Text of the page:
Christianity, unlike the pagan religions that preceded it believes in the presence of a transcendent and incarnate God. For early Christian architects the challenge was how to express in material form the ideals and presence of an immaterial God. The western Roman Catholic Church adopted and evolved a model based on the horizontal axis of the Roman basilica. In the east, the Byzantines and the Eastern Orthodox Church developed a layout based on a centralized plan and domed architecture.
The Hagia Sophia is considered the finest example of Byzantine ecclesiastical architecture. It was built as the Cathedral of Constantinople (Istanbul, Turkey) by Emperor Justinian between c. 532 – 537.
The central dome of the church was made possible by use of pendentives. Invented by the Romans it was adopted and further developed by the Byzantines. A pendentive is a type of construction that allows a circular dome to be placed over a square space. The pendentives are the concave triangular segments that are created when four large arches rise upward from the four edges of the square space and transition to the circular base of a hemispherical dome. The pendentives receive the weight of the dome and then concentrate it downward along the tapering mass of the pendentives to the four corners of the square base. Since the spaces beneath the large arches are essentially non-load bearing large windows can be used to fill the interior with light.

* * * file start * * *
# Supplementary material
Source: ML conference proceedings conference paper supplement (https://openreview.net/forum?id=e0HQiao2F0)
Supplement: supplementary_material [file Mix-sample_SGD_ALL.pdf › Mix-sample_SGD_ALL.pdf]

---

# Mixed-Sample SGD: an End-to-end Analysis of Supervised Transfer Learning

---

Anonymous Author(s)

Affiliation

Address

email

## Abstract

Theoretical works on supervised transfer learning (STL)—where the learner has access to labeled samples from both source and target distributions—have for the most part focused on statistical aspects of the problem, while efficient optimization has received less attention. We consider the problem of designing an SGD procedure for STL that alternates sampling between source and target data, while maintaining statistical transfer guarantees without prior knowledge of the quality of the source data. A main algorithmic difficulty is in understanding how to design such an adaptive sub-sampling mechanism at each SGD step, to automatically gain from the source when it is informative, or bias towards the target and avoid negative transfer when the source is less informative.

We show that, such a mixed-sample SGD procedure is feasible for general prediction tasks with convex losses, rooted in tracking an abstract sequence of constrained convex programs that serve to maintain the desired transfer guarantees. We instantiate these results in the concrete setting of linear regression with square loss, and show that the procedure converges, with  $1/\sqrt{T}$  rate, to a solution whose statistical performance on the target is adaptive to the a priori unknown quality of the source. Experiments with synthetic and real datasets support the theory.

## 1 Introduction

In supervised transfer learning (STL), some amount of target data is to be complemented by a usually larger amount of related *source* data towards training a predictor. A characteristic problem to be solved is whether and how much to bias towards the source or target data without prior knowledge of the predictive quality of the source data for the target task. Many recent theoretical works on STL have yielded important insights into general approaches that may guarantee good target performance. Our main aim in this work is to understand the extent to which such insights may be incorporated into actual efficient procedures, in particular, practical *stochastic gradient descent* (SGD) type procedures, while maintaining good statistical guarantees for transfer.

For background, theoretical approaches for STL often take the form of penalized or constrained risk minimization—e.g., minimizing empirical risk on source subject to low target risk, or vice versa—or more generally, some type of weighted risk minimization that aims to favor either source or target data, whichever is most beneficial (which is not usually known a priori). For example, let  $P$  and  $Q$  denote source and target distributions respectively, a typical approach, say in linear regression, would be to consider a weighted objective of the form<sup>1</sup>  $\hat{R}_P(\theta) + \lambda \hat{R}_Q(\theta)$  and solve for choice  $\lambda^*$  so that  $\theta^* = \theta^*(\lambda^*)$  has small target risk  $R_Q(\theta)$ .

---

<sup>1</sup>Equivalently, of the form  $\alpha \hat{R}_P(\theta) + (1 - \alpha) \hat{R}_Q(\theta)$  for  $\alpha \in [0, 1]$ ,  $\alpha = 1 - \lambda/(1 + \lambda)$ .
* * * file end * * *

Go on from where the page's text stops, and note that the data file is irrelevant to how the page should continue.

The official court historian Procopius wrote the following concerning the dome:
“And since the arches where they are joined together are so constructed as to form a four-cornered plan, the stone-work between the arches produces four triangles. And while each supporting end of a triangle, having been contracted to a point by the coming together of each pair of arches, makes the lower point an acute angle, yet as the triangle rises and its width is extended by the intermediate surface, it ends in the segment of a circle which it supports, and forms the remaining angles at that level. Upon this circle rests the huge spherical dome which makes the structure exceptionally beautiful. Yet it seems not to rest upon solid masonry, but to cover the space with its golden dome suspended from Heaven.”
In addition to the windows in the clerestories beneath the pendentives there are forty windows under the base of the central dome that flood the interior with light. As a result the dome appears to float above its base on a cushion of light. The visual effect is further enhanced by magnificent golden mosaics and marble surfaces that line the interior surfaces of the church. Or as Procopius wrote: “... it abounds exceedingly in sunlight and in the sun’s rays from the marble. Indeed one might say that its interior is not illuminated from without by the sun, but that the radiance comes into being within it, such an abundance of light bathes the shrine.”